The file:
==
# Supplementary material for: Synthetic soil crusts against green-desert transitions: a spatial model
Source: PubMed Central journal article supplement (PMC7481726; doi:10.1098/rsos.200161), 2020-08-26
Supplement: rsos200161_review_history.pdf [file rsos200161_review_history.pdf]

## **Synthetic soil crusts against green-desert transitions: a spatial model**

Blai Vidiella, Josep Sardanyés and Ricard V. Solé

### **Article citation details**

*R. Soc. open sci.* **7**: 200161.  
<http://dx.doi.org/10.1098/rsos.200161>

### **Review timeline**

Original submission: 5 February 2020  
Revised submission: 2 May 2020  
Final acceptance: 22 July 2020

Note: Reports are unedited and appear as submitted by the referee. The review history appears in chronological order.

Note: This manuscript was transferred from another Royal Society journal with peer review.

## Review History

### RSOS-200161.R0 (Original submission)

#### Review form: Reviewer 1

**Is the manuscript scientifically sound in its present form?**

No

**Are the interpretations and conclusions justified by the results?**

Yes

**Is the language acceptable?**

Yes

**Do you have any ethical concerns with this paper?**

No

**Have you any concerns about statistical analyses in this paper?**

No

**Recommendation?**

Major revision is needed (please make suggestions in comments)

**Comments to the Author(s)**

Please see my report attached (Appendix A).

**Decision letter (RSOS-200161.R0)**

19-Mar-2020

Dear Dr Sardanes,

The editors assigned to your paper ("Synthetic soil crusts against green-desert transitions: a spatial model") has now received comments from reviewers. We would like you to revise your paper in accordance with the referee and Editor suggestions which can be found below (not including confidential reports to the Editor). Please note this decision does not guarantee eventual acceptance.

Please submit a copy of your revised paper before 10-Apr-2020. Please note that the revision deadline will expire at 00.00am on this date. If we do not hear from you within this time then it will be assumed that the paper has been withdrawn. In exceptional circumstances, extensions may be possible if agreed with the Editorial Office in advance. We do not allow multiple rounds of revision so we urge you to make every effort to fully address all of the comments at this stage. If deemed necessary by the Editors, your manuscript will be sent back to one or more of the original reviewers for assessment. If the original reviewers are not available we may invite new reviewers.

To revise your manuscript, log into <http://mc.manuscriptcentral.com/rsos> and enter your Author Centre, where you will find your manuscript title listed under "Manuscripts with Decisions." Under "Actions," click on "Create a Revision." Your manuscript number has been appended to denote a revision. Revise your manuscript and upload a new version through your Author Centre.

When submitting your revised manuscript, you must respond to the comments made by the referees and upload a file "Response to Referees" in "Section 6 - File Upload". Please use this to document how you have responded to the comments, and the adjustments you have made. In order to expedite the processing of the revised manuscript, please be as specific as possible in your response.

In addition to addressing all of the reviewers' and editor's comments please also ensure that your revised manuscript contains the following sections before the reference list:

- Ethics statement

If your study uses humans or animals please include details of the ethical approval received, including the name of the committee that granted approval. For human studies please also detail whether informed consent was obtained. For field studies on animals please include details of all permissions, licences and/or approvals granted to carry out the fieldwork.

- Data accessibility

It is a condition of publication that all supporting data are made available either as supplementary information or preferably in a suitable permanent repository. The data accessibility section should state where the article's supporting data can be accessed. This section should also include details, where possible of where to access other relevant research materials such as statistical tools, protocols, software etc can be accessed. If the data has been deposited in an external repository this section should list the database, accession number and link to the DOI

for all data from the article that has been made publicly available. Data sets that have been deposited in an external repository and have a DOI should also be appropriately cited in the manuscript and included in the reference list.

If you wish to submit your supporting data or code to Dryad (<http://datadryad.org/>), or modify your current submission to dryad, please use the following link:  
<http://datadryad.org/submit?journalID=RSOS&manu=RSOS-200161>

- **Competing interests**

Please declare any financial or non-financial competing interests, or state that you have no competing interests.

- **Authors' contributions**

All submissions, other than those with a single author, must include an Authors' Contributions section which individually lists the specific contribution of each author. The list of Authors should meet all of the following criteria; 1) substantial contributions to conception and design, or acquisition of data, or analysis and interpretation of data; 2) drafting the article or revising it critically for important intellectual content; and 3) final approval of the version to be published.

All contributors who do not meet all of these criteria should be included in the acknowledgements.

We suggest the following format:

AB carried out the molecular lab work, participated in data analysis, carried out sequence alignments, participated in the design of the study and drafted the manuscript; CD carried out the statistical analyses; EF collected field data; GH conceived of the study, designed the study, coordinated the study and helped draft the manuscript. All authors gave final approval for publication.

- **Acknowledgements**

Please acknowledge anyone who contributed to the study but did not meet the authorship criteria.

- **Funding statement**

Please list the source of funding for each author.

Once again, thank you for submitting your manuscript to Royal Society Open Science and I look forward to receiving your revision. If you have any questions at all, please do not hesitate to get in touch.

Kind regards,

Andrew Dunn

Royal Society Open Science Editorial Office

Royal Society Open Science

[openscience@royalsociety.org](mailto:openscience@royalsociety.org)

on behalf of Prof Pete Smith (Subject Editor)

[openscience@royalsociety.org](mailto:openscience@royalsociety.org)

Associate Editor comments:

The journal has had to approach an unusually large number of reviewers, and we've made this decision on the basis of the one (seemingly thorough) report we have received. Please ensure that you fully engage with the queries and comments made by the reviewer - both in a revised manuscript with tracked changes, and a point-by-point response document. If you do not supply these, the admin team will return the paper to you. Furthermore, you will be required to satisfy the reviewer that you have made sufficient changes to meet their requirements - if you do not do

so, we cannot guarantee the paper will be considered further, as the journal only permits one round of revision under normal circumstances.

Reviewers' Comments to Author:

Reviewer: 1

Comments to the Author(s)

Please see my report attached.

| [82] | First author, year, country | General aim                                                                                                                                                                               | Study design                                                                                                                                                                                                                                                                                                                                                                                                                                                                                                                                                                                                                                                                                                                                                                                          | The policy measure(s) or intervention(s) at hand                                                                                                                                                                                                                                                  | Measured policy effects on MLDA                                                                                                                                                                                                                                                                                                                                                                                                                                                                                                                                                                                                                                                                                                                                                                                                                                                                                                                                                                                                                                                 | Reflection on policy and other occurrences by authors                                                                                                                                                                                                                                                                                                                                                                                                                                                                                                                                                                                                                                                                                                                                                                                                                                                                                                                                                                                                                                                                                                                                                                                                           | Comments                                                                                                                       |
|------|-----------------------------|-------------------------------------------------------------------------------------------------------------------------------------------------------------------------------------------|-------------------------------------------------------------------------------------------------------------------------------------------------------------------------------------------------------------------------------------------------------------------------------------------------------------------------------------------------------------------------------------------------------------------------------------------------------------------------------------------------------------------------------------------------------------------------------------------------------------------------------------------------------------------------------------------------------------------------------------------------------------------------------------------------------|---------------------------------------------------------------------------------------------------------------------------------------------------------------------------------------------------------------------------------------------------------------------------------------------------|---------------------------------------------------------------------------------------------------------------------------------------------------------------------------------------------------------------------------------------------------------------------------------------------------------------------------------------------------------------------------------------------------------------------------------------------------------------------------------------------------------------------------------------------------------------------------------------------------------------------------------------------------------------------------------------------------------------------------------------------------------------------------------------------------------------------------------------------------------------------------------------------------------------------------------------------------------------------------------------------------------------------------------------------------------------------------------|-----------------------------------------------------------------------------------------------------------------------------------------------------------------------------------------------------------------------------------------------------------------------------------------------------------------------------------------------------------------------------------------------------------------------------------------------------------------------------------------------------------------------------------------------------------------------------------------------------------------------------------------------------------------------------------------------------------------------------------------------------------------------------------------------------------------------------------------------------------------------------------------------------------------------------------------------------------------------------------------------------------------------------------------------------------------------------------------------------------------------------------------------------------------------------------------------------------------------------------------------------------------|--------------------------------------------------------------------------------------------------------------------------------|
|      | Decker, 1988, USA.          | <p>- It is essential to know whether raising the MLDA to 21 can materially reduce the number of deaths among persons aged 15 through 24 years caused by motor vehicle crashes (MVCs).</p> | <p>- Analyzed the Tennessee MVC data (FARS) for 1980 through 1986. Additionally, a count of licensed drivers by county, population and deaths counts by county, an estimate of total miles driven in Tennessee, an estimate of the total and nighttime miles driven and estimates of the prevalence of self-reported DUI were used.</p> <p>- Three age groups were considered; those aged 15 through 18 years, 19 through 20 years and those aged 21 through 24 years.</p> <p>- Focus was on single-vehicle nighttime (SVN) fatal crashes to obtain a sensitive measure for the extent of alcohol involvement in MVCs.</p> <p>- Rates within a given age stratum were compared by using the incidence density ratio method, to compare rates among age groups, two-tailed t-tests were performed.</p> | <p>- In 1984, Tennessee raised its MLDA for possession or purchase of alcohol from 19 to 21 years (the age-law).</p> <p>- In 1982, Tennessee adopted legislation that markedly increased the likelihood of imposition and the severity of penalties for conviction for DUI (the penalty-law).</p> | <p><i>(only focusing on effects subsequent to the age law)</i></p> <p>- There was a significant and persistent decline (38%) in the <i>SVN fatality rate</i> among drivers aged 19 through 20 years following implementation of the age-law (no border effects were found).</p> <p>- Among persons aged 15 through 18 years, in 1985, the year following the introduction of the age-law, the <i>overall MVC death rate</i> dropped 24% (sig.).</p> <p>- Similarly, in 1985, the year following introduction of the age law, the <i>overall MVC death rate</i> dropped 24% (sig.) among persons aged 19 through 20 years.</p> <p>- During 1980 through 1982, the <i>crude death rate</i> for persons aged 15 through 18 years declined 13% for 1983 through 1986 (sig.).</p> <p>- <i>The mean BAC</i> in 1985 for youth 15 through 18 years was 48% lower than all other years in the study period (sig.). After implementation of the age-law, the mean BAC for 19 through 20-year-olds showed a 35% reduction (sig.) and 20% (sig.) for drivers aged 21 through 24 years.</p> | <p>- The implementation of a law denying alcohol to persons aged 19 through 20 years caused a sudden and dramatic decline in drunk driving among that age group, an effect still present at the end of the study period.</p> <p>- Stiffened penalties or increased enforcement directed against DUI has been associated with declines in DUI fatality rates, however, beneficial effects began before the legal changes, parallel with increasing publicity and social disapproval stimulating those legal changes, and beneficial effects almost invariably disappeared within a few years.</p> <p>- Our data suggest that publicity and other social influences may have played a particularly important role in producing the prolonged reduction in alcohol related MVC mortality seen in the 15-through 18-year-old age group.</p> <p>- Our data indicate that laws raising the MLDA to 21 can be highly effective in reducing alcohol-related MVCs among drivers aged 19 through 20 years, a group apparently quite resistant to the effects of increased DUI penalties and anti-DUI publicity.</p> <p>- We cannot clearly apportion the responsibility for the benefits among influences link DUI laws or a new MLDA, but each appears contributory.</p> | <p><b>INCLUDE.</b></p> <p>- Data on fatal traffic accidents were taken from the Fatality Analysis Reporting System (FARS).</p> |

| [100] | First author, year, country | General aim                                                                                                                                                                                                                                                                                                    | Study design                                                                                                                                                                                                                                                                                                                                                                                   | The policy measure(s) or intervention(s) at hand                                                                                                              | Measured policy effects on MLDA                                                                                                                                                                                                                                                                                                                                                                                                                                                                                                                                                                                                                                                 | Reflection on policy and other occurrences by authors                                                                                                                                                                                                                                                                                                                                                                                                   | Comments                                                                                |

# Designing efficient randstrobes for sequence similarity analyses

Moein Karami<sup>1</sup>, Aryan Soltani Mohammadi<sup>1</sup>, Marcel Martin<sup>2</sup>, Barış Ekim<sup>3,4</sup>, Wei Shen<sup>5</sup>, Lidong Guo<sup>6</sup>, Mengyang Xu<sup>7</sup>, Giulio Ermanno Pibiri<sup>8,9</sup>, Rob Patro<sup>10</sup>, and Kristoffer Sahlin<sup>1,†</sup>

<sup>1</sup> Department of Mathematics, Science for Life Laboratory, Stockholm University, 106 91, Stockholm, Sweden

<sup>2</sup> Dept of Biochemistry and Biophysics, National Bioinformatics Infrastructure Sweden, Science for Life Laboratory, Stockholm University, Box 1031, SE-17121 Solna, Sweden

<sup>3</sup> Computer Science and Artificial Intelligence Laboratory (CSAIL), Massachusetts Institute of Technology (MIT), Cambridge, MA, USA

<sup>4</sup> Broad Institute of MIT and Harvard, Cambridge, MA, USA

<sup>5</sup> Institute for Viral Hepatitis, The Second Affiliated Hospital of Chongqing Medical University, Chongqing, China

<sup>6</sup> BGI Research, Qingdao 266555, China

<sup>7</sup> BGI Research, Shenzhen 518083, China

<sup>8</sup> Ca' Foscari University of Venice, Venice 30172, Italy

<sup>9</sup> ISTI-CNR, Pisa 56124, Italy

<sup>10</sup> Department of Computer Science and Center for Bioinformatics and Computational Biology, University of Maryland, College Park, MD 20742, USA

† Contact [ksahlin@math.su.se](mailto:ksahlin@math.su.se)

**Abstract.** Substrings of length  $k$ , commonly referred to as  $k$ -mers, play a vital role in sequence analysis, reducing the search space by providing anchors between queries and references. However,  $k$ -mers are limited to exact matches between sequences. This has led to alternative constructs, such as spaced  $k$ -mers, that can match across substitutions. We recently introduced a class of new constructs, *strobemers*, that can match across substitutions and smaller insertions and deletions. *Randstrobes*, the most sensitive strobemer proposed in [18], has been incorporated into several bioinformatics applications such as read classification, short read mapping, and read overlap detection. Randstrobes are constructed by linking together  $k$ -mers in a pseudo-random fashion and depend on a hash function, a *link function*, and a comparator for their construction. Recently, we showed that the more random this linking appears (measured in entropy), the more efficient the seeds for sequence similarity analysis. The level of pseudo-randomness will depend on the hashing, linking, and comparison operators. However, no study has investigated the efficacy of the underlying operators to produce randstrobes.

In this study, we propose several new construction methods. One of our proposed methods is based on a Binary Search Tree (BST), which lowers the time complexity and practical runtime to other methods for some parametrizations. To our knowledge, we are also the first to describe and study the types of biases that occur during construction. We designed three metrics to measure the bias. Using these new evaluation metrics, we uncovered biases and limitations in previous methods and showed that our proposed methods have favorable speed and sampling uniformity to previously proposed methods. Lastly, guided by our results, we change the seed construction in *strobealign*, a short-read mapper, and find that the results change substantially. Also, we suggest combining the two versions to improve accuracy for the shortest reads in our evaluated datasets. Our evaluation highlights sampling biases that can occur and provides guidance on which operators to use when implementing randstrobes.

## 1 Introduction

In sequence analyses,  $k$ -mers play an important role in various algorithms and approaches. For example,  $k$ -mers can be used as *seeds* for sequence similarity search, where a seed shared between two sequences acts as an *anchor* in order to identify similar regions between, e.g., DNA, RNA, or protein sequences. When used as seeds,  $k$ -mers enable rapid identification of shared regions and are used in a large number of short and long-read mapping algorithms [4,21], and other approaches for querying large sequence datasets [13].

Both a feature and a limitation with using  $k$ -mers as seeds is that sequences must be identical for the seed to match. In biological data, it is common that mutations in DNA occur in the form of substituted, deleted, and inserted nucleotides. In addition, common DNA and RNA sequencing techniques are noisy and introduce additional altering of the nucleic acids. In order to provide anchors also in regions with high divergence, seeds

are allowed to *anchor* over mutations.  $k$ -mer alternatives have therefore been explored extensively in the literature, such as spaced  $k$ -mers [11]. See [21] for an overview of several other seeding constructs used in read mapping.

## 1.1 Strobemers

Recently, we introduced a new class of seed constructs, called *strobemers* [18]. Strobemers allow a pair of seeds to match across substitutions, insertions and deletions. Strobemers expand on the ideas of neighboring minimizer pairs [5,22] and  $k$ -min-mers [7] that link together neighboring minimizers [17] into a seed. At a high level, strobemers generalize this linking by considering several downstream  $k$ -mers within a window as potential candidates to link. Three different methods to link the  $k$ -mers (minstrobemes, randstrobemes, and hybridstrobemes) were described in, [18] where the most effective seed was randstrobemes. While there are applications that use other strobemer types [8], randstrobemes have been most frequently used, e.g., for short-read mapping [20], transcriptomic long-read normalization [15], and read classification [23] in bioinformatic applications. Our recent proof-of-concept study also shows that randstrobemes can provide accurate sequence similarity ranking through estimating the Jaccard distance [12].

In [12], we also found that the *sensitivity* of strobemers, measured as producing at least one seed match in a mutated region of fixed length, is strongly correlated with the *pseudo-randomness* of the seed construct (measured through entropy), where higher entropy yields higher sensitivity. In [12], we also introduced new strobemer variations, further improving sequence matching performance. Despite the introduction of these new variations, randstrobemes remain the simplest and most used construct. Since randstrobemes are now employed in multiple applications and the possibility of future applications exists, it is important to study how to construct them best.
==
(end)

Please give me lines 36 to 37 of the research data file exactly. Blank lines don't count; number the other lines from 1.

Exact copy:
Please submit a copy of your revised paper before 10-Apr-2020. Please note that the revision deadline will expire at 00.00am on this date. If we do not hear from you within this time then it will be assumed that the paper has been withdrawn. In exceptional circumstances, extensions may be possible if agreed with the Editorial Office in advance. We do not allow multiple rounds of revision so we urge you to make every effort to fully address all of the comments at this stage. If deemed necessary by the Editors, your manuscript will be sent back to one or more of the original reviewers for assessment. If the original reviewers are not available we may invite new reviewers.

To revise your manuscript, log into <http://mc.manuscriptcentral.com/rsos> and enter your Author Centre, where you will find your manuscript title listed under "Manuscripts with Decisions." Under "Actions," click on "Create a Revision." Your manuscript number has been appended to denote a revision. Revise your manuscript and upload a new version through your Author Centre.